poetry

The Conqueror Worm by Edgar Allen Poe

This poem by Edgar Allen Poe always brings to me the memory of Shakespeare’s Hamlet where he tells Horatio “Alas, Poor Yorick. I knew him, Horatio.” And he continues, “I knew him, Horatio, a fellow of infinite jest, of most excellent fancy. He hath borne me on his back a thousand times, and now, how abhorred in my imagination it is! My gorge rises at it. Here hung those lips that I have kissed I know not how oft. —Where be your gibes now? Your gambols?”

 

Alas Poor Yorick

Alas Poor Yorick, Oil on Canvas, Painted When I was a Teenager.

 

And then again in Hamlet, “A man may fish with the worm that hath eat of a king, and eat of the fish that hath fed of that worm. A man can fish with the worm that ate a king, and then eat the fish he catches with that worm. Nothing but to show you how a king may go a progress through the guts of a beggar.”

I wonder if Poe had the seeds of Shakespeare in his mind when he created The Conqueror Worm.

 

Illustration for The Conqueror Worm, Illustrated by W. Heath Robinson. 1900.

Illustration for The Conqueror Worm, Illustrated by W. Heath Robinson. 1900.

 

The Conqueror Worm

by Edgar Allen Poe

 

Lo! ’t is a gala night
Within the lonesome latter years!
An angel throng, bewinged, bedight
In veils, and drowned in tears,
Sit in a theatre, to see
A play of hopes and fears,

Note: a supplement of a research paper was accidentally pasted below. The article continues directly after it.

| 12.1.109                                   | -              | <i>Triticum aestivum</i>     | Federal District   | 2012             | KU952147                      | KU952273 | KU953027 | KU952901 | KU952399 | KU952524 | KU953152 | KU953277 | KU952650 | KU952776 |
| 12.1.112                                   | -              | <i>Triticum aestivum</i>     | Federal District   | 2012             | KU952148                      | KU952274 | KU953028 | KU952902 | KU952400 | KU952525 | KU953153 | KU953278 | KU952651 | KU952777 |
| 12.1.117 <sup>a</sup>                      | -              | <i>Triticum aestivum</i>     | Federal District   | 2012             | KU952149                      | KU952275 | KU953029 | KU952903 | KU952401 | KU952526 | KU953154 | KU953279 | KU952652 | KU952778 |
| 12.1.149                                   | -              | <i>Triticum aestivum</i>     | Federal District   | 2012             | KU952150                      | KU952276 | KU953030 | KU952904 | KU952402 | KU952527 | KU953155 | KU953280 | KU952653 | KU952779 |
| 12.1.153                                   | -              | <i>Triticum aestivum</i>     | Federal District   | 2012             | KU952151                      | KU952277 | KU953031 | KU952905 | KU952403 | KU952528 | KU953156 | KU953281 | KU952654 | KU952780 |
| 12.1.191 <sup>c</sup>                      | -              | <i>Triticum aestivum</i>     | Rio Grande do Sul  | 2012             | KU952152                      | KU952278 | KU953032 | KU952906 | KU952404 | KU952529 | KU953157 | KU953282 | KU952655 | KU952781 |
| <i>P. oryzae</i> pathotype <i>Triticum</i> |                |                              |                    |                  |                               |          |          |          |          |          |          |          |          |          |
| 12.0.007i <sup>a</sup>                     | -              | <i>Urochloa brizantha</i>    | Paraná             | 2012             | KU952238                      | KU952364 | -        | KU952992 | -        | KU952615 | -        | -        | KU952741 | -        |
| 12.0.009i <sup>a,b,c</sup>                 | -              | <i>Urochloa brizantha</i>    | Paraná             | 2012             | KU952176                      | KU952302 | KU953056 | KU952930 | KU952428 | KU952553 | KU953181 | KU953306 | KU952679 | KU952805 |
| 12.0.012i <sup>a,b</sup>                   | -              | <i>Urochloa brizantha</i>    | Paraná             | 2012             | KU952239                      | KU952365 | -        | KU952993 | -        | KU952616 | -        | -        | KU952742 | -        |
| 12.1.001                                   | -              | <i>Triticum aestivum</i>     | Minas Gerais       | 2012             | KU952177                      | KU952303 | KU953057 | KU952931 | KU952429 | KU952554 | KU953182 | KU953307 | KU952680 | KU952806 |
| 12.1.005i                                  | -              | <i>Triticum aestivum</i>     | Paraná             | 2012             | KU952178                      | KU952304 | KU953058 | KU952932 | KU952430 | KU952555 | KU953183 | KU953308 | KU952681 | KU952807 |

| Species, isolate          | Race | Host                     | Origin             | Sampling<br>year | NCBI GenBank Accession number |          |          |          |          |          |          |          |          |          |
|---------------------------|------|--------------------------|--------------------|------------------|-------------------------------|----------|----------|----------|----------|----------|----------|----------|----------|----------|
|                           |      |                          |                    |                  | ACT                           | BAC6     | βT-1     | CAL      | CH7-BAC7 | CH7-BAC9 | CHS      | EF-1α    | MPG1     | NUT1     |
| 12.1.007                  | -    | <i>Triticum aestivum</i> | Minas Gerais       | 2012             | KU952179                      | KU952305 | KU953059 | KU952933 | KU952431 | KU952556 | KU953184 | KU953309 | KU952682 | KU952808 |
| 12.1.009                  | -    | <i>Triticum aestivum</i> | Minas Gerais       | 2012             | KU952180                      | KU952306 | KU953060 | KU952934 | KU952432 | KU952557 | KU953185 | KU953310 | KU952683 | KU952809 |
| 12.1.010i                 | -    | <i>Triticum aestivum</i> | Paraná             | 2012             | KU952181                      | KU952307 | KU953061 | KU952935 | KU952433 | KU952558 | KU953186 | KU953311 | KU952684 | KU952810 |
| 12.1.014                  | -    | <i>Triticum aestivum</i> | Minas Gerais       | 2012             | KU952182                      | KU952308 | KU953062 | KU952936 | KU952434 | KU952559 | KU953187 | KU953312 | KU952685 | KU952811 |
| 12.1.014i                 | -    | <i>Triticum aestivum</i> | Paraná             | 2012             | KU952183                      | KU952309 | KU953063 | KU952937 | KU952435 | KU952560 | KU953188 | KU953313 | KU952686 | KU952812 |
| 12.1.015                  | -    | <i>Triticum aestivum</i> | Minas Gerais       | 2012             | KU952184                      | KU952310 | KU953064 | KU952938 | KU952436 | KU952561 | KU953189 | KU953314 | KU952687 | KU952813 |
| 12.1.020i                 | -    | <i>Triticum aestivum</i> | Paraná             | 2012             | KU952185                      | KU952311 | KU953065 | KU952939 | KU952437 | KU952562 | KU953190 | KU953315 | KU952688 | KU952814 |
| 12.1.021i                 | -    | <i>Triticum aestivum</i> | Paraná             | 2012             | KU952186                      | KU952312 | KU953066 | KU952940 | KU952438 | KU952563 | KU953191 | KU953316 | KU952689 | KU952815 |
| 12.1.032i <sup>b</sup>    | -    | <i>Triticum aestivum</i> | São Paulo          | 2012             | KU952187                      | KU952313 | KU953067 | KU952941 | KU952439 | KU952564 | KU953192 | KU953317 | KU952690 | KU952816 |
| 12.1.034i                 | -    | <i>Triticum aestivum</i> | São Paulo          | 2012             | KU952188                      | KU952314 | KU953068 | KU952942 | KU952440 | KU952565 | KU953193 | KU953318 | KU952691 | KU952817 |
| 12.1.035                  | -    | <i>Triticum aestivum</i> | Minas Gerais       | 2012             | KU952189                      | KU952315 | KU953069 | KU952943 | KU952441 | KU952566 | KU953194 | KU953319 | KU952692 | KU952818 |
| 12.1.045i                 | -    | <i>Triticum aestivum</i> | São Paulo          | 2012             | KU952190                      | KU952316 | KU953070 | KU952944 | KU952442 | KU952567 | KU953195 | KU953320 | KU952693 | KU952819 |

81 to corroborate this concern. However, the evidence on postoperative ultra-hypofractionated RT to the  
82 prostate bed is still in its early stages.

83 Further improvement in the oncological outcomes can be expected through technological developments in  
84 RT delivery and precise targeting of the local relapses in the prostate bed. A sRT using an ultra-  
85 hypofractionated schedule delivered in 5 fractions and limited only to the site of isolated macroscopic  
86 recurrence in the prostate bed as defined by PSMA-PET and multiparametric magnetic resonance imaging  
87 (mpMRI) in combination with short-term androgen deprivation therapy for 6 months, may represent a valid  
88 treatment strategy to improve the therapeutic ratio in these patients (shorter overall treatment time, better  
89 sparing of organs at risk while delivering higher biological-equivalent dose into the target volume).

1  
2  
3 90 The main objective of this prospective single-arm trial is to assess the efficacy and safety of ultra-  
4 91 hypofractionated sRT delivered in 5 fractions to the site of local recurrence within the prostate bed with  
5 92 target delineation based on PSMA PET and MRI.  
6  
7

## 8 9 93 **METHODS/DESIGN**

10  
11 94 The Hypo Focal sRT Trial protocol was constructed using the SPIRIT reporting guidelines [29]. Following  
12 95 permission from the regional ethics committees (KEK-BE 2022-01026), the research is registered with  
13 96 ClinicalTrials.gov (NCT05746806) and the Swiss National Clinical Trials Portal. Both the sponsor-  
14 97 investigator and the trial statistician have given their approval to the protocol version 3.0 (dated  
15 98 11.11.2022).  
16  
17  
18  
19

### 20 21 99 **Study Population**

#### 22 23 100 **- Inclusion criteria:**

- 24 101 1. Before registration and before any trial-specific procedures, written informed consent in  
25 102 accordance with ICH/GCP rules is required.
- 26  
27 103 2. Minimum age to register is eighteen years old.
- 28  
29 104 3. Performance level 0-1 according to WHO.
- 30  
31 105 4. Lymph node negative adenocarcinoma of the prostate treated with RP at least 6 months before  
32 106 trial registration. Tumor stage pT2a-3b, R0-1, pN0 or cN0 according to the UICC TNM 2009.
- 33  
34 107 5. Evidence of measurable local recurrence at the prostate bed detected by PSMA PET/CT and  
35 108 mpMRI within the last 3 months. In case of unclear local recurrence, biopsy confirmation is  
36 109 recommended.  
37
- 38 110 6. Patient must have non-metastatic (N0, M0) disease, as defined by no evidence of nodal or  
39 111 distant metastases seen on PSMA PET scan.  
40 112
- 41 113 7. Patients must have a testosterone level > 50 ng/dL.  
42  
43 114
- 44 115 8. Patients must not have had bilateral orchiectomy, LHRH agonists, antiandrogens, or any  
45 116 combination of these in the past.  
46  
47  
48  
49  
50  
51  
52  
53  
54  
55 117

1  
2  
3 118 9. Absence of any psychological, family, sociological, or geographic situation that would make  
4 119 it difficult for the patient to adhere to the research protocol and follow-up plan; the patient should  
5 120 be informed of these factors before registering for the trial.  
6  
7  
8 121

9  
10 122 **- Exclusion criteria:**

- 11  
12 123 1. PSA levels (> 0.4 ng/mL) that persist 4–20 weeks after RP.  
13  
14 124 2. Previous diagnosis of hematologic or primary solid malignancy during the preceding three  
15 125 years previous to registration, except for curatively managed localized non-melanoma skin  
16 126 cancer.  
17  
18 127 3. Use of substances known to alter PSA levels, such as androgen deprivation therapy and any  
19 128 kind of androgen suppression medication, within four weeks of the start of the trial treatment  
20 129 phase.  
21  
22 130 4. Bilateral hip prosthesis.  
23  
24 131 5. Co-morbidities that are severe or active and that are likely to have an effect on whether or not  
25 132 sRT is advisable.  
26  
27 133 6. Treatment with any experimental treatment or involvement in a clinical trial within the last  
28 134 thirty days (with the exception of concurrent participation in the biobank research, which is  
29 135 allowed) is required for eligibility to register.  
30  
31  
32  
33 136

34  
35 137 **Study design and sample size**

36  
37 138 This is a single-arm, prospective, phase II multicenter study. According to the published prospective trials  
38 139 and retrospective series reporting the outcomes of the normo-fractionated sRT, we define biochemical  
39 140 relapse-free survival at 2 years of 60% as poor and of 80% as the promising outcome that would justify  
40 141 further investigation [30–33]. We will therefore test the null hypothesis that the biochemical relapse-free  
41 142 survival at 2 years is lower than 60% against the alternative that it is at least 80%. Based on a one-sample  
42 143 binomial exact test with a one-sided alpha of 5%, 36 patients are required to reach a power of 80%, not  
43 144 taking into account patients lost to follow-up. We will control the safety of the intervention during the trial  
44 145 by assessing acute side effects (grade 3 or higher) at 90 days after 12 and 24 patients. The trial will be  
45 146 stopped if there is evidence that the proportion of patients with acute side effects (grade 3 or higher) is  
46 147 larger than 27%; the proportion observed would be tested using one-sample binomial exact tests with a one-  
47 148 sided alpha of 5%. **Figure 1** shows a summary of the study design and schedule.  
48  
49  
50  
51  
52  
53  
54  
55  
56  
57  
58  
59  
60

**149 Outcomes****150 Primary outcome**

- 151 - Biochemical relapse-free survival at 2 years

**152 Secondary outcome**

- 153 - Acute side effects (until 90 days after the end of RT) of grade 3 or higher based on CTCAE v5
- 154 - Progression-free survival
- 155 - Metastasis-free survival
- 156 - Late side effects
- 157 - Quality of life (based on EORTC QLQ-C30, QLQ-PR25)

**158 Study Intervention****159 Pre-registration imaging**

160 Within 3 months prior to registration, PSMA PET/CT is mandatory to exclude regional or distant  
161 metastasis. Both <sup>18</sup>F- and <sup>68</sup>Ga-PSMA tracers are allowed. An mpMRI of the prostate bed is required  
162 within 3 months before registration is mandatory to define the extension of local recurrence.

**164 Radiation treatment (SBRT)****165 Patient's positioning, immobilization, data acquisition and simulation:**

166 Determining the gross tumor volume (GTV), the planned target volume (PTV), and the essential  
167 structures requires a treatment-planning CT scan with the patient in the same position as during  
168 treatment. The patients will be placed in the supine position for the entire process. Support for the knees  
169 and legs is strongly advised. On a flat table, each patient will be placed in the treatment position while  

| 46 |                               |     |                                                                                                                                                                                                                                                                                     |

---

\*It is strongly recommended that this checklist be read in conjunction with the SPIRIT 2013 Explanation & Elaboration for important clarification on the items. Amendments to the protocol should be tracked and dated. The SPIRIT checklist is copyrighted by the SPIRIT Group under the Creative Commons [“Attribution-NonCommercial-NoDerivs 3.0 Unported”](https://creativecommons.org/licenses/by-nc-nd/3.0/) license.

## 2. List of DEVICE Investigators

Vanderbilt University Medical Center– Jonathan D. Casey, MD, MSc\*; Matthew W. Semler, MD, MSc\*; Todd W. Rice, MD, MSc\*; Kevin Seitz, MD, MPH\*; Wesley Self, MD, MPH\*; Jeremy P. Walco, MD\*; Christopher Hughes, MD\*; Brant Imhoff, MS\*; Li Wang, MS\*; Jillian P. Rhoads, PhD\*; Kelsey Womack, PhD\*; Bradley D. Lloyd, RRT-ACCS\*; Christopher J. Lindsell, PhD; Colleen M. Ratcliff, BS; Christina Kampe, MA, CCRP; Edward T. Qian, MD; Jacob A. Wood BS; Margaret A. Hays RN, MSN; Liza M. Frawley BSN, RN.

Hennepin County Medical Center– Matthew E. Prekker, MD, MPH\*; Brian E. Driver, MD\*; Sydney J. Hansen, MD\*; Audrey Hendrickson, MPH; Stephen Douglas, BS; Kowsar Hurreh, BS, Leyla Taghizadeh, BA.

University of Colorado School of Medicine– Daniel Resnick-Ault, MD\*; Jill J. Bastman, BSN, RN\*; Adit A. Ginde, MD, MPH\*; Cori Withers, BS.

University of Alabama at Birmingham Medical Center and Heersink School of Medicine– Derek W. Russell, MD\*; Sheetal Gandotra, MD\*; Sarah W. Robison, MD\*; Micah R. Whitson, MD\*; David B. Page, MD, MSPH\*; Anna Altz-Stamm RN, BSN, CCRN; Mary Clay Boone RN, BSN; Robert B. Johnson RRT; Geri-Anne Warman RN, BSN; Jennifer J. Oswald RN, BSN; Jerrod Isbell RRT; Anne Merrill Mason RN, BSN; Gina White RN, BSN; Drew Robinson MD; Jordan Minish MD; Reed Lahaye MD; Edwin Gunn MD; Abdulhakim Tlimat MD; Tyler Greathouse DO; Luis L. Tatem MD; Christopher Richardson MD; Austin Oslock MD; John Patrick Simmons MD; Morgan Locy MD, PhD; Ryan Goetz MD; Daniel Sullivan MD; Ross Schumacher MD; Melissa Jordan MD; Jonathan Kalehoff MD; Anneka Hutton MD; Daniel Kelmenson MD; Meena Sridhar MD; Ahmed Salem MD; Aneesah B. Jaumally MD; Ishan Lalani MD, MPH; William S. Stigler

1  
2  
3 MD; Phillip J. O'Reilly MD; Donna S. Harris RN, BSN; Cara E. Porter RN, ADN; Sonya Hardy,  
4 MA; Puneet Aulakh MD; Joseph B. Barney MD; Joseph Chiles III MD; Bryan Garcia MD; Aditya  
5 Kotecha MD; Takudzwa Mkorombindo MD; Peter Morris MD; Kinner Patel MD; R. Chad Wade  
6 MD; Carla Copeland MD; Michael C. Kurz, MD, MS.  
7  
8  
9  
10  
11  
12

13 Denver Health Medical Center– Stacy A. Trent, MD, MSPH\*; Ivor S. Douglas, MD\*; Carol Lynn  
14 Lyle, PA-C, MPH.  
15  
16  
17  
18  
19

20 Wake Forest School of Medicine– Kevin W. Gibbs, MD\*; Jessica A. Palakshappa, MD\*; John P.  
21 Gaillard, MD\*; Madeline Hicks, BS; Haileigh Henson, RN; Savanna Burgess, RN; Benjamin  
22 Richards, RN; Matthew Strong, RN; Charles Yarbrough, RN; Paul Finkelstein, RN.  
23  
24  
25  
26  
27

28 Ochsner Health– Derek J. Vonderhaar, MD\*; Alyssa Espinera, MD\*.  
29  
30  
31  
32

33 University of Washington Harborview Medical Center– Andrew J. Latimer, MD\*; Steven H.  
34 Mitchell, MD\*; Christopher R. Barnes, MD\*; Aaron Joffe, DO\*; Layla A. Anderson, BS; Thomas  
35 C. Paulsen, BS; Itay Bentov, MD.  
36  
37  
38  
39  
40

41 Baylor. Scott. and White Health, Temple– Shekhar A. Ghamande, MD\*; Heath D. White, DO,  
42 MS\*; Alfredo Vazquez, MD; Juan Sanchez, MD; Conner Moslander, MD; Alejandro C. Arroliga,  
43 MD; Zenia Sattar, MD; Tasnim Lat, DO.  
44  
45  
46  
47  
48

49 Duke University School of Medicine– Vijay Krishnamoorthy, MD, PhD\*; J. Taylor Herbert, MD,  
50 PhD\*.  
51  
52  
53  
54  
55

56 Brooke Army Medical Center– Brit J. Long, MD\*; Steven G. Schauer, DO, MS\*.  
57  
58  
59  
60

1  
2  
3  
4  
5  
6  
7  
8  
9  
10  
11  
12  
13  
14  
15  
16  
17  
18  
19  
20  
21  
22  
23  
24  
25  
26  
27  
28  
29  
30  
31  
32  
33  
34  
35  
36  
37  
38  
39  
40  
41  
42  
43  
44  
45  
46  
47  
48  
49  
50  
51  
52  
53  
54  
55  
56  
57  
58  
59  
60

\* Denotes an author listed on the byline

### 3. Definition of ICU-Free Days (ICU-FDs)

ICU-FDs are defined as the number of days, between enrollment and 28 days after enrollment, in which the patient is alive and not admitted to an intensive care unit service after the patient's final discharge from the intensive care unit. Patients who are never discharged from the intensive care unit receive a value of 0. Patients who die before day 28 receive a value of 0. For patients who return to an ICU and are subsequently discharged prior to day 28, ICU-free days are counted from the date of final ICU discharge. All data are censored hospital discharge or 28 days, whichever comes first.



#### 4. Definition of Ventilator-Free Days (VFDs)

While the orchestra breathes fitfully
The music of the spheres.

Mimes, in the form of God on high,
Mutter and mumble low,
And hither and thither fly—
Mere puppets they, who come and go
At bidding of vast formless things
That shift the scenery to and fro,
Flapping from out their Condor wings
Invisible Wo!

That motley drama—oh, be sure
It shall not be forgot!
With its Phantom chased for evermore
By a crowd that seize it not,
Through a circle that ever returneth in
To the self-same spot,
And much of Madness, and more of Sin,
And Horror the soul of the plot.

But see, amid the mimic rout,
A crawling shape intrude!
A blood-red thing that writhes from out
The scenic solitude!
It writhes!—it writhes!—with mortal pangs
The mimes become its food,
And seraphs sob at vermin fangs
In human gore imbued.

Out—out are the lights—out all!
And, over each quivering form,
The curtain, a funeral pall,
Comes down with the rush of a storm,
While the angels, all pallid and wan,
Uprising, unveiling, affirm
That the play is the tragedy, “Man,”
And its hero, the Conqueror Worm.

 

 

Note: I should have also mentioned the reference in this poem to life as a stage, of course, appears in Shakespeare as well. This appears in As You Like It, Act II, Scene VII:

All the world’s a stage,
And all the men and women merely players;
They have their exits and their entrances…

 

HBosler

Self-Portrait, Oil on Canvas.

Self-Portrait, Oil on Canvas.

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